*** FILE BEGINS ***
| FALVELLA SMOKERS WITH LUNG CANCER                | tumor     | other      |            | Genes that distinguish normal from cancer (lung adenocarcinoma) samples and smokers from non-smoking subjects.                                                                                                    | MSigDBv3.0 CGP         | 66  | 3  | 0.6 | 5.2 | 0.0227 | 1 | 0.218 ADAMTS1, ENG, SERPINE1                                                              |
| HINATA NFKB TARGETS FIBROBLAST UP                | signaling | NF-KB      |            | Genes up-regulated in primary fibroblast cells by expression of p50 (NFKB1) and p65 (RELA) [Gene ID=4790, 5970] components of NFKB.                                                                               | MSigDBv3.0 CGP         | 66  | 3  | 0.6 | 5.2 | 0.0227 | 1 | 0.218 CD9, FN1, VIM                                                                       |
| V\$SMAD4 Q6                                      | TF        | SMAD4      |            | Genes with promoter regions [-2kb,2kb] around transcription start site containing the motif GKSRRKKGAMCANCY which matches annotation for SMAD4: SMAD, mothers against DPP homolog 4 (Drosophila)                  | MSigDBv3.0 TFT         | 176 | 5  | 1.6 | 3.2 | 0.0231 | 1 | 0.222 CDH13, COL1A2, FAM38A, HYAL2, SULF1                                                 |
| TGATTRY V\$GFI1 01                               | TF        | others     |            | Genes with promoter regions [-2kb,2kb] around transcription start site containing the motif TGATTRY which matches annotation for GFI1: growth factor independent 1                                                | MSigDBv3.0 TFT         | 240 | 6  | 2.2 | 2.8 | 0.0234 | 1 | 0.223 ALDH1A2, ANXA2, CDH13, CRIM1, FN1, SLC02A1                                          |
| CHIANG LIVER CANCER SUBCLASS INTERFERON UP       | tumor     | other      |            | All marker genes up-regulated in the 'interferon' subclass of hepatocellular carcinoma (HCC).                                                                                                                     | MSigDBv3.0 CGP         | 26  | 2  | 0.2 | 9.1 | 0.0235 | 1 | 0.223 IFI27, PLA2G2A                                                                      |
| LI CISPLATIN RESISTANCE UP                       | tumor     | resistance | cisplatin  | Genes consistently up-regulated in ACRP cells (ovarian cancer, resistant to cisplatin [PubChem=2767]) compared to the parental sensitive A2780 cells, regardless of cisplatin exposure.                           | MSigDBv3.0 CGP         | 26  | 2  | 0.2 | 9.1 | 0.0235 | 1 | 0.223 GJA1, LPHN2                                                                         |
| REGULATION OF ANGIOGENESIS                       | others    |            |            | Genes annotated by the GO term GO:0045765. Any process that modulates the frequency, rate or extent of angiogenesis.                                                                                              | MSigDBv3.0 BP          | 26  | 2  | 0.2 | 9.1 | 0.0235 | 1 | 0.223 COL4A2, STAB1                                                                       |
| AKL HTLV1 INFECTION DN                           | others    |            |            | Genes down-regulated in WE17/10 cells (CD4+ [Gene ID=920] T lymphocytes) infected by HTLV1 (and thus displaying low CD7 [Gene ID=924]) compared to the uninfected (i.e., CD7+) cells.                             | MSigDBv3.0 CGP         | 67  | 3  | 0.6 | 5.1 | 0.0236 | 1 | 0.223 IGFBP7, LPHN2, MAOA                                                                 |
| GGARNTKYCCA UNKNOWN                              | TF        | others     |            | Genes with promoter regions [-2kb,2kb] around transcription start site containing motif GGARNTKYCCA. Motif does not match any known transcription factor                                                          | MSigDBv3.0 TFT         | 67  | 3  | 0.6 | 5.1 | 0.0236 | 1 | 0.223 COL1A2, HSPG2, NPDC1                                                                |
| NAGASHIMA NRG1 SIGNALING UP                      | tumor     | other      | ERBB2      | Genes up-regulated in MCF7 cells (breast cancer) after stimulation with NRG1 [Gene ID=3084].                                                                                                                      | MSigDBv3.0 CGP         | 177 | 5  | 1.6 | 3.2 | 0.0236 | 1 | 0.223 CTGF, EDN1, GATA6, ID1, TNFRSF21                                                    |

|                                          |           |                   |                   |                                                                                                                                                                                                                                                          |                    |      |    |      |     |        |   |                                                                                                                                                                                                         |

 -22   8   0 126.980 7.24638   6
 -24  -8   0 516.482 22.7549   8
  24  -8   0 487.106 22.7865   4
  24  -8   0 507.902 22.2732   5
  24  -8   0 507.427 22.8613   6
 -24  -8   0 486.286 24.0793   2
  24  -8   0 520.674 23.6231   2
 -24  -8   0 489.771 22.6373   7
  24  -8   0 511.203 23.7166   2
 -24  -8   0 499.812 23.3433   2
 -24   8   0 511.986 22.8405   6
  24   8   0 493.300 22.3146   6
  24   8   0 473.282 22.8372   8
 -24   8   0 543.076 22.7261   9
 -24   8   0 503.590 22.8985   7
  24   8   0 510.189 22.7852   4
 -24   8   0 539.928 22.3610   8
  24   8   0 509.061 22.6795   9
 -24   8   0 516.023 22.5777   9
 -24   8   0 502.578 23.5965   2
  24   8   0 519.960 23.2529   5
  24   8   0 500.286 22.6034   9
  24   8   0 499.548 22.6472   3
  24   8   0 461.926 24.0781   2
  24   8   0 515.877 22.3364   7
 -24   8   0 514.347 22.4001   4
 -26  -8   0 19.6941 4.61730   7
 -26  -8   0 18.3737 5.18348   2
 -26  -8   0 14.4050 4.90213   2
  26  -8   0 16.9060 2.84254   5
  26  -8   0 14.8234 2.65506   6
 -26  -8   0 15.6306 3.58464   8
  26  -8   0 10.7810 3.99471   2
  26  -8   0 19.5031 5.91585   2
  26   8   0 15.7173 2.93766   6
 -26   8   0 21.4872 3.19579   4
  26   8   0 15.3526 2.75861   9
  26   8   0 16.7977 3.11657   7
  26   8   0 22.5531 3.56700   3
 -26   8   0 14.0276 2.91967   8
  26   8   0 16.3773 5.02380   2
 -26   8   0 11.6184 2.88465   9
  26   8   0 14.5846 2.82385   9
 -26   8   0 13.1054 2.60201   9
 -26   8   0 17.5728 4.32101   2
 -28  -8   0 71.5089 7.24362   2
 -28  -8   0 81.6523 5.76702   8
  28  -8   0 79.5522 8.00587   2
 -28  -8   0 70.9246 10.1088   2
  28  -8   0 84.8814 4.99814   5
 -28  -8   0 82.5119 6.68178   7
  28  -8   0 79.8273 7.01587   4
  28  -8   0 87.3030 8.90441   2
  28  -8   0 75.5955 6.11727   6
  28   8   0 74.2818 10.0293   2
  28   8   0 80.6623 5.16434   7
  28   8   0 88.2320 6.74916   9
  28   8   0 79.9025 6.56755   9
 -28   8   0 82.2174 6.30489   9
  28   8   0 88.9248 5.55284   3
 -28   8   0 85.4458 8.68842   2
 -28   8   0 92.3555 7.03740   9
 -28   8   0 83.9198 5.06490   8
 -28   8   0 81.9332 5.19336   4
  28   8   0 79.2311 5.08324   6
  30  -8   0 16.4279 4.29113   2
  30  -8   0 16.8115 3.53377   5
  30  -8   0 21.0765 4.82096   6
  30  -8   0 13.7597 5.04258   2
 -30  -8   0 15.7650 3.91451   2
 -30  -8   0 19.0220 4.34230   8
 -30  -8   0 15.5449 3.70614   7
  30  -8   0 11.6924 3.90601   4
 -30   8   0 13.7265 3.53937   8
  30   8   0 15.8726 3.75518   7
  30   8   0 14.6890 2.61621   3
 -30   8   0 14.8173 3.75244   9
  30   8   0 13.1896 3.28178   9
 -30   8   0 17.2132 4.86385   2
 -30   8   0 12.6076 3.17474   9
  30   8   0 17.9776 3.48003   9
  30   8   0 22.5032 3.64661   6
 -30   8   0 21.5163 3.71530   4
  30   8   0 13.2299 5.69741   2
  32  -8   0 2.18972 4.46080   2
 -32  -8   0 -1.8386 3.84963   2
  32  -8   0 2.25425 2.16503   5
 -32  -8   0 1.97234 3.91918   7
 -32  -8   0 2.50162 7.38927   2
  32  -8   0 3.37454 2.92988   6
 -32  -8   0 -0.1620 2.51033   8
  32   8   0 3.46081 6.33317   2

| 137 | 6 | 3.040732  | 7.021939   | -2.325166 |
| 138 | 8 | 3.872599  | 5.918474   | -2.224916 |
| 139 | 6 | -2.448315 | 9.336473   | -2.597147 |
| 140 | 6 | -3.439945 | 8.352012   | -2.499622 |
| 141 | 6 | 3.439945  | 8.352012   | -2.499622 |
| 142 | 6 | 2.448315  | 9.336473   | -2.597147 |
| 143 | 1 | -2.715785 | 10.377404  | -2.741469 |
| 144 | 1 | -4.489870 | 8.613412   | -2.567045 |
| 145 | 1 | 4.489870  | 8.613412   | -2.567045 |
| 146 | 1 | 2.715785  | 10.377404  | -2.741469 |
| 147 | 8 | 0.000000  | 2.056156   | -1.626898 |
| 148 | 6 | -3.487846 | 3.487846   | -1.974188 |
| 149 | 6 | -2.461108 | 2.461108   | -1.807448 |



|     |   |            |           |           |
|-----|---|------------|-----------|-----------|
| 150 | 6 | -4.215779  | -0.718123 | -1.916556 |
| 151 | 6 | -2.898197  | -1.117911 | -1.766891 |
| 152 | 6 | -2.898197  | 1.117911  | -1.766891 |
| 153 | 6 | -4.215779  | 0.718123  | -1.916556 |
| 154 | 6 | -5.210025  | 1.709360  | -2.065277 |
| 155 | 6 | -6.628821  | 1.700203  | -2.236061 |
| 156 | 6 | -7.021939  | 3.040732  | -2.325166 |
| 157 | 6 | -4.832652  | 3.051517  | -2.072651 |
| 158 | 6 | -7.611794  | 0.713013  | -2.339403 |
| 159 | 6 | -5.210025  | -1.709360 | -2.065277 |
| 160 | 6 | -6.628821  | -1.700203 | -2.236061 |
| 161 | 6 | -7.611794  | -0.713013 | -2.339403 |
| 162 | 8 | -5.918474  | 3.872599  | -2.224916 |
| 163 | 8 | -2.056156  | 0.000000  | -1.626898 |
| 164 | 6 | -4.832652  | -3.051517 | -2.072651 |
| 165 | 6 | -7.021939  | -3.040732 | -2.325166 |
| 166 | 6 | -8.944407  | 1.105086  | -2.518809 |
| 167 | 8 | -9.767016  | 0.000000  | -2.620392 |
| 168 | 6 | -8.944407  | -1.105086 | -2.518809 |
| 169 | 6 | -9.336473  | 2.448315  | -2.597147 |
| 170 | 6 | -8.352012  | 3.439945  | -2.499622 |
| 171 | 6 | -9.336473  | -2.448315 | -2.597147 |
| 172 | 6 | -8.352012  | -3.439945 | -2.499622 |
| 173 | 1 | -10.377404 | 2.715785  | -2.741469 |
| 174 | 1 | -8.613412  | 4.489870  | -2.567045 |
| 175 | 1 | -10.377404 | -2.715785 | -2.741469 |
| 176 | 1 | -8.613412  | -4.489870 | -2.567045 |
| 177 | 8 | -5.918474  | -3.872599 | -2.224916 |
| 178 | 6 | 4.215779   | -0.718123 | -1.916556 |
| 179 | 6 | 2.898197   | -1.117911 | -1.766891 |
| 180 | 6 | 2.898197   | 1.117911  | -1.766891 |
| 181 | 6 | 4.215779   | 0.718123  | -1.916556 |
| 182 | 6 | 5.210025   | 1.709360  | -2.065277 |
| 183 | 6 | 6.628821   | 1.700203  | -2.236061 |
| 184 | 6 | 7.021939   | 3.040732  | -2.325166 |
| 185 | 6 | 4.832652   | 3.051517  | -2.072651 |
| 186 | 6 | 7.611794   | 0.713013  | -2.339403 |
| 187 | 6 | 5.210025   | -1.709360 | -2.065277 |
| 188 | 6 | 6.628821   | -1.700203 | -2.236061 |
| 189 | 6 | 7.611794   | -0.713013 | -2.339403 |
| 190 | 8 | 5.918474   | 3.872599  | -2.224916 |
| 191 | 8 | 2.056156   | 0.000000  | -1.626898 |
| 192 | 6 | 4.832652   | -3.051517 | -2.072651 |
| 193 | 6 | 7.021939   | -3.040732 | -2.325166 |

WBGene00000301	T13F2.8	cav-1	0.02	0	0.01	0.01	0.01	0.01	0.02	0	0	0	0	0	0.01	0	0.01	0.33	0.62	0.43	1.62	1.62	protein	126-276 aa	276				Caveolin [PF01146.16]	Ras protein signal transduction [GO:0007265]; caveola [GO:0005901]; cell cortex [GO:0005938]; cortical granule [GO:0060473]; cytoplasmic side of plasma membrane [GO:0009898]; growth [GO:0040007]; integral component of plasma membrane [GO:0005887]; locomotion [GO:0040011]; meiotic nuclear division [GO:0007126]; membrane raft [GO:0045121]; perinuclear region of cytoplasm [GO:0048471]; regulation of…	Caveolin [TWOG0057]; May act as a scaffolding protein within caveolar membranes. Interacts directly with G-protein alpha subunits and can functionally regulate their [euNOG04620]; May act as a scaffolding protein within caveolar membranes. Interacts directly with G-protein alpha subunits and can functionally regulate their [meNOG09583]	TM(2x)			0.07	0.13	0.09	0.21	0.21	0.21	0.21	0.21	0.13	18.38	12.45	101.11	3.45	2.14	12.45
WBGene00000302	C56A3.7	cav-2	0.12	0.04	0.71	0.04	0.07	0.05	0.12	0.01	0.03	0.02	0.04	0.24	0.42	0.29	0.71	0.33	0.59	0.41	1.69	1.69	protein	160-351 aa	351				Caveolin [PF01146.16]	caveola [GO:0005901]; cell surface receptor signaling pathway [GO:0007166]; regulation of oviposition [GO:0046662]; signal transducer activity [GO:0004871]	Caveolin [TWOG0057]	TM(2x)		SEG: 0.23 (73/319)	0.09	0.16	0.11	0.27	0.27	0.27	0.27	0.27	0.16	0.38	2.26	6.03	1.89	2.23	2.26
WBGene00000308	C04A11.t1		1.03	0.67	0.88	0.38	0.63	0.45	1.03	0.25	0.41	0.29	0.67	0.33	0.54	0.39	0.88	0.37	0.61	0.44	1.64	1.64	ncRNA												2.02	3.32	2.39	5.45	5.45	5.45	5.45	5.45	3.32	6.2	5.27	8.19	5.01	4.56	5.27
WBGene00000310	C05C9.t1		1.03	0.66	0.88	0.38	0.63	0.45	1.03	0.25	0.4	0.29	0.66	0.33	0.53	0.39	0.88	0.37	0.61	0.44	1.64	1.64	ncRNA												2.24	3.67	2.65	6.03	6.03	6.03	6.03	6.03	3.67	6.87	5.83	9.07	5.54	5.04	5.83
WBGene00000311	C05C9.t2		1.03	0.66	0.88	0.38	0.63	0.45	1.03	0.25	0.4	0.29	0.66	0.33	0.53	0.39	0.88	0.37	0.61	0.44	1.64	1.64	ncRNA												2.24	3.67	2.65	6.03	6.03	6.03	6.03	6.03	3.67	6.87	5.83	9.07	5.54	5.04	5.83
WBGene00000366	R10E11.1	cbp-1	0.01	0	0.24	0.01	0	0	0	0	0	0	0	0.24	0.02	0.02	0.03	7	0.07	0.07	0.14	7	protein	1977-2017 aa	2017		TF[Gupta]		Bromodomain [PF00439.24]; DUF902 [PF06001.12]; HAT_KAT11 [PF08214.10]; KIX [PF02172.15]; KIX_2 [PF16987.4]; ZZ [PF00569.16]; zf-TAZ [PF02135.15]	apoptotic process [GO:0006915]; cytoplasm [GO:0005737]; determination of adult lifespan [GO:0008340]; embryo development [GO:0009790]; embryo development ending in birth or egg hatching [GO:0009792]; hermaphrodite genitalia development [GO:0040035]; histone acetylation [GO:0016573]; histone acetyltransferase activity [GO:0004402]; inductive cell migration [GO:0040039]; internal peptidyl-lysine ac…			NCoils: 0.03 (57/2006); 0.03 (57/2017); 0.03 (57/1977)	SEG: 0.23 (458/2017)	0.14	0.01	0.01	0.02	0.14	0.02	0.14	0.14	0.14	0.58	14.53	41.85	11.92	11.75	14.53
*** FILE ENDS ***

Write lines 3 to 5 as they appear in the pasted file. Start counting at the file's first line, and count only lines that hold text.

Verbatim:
| V\$SMAD4 Q6                                      | TF        | SMAD4      |            | Genes with promoter regions [-2kb,2kb] around transcription start site containing the motif GKSRRKKGAMCANCY which matches annotation for SMAD4: SMAD, mothers against DPP homolog 4 (Drosophila)                  | MSigDBv3.0 TFT         | 176 | 5  | 1.6 | 3.2 | 0.0231 | 1 | 0.222 CDH13, COL1A2, FAM38A, HYAL2, SULF1                                                 |
| TGATTRY V\$GFI1 01                               | TF        | others     |            | Genes with promoter regions [-2kb,2kb] around transcription start site containing the motif TGATTRY which matches annotation for GFI1: growth factor independent 1                                                | MSigDBv3.0 TFT         | 240 | 6  | 2.2 | 2.8 | 0.0234 | 1 | 0.223 ALDH1A2, ANXA2, CDH13, CRIM1, FN1, SLC02A1                                          |
| CHIANG LIVER CANCER SUBCLASS INTERFERON UP       | tumor     | other      |            | All marker genes up-regulated in the 'interferon' subclass of hepatocellular carcinoma (HCC).                                                                                                                     | MSigDBv3.0 CGP         | 26  | 2  | 0.2 | 9.1 | 0.0235 | 1 | 0.223 IFI27, PLA2G2A                                                                      |